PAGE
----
This might be the only time this year I will need a wetsuit, since my Toughman 70.3 is in Alabama in August and I am sure the water will be plenty warm by then! I found out after swimming a short bit in the lake, that my blue-tinted pool goggles were just not going to work in open water. The field of vision for sighting was just too small, and then I read that blue tint makes the big orange buoys turn into dull brown blobs that are very hard to see. So a new pair of goggles must be purchased.


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Kingry Metric Century

Kingry

This was my second attempt at a Metric Century, and thankfully ended a whole lot better. I completed all 65+ miles dog-free, at a very good speed, and rode over half of it with a group of nine riders who challenged and encouraged each other.

As you can see from the graphic, this ride had only 1,600 feet of elevation gain, much less than the last ride. It was hilly, but not a roller coaster of high climbs and steep descents. There were more groups of riders, and more riders stuck around after the ride. We had a great BBQ lunch waiting at the finish, and all had a good time after the ride as well. It was everything the first ride was not.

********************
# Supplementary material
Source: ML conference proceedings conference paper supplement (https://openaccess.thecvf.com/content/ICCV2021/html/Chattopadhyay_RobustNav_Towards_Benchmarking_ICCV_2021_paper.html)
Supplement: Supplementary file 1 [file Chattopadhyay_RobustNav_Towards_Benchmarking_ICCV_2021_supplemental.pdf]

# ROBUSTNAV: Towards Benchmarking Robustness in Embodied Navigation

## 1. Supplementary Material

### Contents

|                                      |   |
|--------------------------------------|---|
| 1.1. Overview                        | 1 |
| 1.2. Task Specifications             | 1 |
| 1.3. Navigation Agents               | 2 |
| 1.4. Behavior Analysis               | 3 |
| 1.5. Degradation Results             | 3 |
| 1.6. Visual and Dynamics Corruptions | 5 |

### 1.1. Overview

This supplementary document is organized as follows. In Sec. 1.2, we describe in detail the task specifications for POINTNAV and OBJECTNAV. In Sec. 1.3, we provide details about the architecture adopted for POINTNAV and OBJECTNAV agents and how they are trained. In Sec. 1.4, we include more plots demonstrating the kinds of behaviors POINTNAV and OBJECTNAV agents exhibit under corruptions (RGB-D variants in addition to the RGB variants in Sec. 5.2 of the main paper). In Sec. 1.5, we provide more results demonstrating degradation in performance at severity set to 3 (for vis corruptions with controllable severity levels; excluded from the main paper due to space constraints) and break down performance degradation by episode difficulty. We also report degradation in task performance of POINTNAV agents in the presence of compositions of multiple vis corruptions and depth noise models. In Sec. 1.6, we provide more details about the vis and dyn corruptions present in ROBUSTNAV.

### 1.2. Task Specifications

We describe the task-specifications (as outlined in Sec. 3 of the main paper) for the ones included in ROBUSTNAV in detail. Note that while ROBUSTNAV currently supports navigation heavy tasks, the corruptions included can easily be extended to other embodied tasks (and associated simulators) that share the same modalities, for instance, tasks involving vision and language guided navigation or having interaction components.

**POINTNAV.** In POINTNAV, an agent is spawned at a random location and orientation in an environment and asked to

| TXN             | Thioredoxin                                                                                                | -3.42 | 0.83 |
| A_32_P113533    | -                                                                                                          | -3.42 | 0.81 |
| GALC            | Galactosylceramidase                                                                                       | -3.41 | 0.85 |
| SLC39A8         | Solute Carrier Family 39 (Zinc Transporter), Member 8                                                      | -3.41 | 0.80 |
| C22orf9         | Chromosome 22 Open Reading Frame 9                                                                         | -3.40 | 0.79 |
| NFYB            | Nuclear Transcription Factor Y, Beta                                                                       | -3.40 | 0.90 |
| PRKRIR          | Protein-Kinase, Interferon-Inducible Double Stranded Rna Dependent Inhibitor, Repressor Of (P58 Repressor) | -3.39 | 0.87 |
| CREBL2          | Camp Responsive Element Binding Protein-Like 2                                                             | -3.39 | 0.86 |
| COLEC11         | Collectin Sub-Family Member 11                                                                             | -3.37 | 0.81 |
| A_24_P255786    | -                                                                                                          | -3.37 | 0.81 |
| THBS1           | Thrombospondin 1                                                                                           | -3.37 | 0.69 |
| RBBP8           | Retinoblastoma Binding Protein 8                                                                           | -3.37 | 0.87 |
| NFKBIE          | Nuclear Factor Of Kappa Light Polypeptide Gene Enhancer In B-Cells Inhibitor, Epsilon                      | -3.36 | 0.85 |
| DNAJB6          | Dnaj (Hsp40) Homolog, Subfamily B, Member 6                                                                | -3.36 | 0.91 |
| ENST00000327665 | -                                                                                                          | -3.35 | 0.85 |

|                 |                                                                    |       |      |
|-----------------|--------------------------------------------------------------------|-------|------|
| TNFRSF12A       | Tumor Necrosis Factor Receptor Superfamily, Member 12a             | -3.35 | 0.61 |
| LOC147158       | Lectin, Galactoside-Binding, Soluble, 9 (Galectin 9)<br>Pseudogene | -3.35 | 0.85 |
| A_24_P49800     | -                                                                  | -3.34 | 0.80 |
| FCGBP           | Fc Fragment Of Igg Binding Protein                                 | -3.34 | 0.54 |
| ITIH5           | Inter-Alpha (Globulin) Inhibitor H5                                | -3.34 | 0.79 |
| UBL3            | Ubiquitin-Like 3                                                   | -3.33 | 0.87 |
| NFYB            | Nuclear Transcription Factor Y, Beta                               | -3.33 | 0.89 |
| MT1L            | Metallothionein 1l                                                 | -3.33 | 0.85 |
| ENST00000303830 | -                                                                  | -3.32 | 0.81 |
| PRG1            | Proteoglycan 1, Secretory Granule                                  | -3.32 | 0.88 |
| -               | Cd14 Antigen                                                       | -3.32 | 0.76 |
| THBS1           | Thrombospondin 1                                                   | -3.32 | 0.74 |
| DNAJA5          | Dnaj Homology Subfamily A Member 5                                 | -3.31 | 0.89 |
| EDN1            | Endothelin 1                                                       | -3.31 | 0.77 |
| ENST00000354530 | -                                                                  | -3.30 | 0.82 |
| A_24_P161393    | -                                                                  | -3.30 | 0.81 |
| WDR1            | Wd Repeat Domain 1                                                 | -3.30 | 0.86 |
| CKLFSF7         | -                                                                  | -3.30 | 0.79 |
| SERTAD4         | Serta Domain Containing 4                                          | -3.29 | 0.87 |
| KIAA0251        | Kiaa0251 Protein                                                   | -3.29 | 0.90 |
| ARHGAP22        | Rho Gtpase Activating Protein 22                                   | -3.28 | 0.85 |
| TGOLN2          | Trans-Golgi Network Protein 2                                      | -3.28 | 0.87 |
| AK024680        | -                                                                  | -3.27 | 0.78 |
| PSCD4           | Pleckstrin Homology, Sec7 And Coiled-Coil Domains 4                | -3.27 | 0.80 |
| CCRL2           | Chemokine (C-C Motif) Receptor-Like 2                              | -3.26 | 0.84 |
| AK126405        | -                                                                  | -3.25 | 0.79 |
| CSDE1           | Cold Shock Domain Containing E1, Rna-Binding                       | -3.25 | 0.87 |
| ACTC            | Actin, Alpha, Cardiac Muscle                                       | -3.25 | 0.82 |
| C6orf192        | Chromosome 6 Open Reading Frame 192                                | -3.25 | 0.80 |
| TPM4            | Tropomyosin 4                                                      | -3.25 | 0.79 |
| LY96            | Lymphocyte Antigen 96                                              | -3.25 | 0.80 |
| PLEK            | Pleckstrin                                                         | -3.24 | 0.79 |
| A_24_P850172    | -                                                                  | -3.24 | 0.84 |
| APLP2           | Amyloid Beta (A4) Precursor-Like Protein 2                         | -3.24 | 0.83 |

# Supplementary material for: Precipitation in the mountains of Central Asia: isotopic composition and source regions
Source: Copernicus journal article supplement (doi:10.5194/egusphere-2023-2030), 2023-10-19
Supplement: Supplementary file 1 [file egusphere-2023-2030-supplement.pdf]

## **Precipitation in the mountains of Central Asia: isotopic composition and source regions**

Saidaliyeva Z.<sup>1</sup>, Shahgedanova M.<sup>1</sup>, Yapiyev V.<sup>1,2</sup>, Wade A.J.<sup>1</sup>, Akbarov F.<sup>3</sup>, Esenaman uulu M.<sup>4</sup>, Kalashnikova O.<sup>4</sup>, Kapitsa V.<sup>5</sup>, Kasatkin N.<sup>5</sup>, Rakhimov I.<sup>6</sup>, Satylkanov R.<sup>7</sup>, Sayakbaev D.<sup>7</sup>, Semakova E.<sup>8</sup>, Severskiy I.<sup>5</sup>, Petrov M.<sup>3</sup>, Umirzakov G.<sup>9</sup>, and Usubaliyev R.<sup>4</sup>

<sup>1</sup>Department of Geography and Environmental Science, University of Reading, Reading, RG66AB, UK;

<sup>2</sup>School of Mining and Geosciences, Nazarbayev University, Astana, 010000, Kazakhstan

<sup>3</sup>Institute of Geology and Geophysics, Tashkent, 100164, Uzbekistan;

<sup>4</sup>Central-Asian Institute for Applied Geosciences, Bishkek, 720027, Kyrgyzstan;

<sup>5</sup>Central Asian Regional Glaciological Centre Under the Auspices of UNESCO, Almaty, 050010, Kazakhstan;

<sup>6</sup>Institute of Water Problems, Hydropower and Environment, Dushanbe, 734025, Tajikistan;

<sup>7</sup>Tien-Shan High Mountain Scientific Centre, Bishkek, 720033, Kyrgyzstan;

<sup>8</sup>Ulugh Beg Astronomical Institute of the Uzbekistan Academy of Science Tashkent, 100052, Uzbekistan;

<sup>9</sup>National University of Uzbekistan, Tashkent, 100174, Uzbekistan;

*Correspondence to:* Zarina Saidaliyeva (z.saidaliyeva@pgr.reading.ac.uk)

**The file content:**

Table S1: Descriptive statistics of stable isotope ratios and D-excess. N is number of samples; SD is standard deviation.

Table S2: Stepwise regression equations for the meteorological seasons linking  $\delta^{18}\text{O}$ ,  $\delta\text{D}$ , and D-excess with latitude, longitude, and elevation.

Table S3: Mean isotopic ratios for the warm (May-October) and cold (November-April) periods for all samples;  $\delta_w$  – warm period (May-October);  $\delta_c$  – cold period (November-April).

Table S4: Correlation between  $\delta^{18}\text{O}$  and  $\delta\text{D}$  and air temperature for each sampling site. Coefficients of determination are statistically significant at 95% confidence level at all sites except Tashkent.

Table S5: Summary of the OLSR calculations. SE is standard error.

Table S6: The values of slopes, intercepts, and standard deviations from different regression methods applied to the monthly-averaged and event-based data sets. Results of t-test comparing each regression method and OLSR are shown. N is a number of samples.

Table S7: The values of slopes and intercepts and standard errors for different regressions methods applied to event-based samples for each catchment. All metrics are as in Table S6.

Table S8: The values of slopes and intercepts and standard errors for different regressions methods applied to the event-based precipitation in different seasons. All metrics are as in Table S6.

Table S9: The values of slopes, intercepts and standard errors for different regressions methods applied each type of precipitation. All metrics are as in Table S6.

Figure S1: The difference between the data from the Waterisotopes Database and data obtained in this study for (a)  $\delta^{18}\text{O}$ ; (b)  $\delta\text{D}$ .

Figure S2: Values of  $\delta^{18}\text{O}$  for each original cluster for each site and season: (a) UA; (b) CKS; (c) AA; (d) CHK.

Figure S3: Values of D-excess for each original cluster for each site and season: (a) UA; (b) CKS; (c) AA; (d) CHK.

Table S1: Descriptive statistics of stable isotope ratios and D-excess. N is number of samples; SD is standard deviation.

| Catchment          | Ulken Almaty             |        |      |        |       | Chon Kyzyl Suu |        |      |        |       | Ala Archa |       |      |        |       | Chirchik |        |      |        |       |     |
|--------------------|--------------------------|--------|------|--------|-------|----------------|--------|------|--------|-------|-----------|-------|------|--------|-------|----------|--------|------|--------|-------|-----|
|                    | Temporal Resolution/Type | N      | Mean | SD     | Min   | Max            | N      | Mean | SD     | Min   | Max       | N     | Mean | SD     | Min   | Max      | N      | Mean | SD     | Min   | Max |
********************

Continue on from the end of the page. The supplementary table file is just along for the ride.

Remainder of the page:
My goal for both of these rides was to prove to myself that I could complete the 56 mile bike portion of my upcoming August Toughman 70.6 Triathlon.

Kingry Metric Century


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Tour Autauga Metric Century Ride

Tour Autauga
This was my first attempt at a Metric Century bike ride (62 miles) and I had a great time up until just shy of mile 55, when a dog ran out of a driveway from behind and knocked me down.

Earlier, I and the guy I was riding with were charged by a ginormous Pit Bull, but we were going downhill and he missed his angle.

The Dog that got me came out a driveway from behind, the first I saw of him he was next to the bike trying to get under my front wheel. And I went down.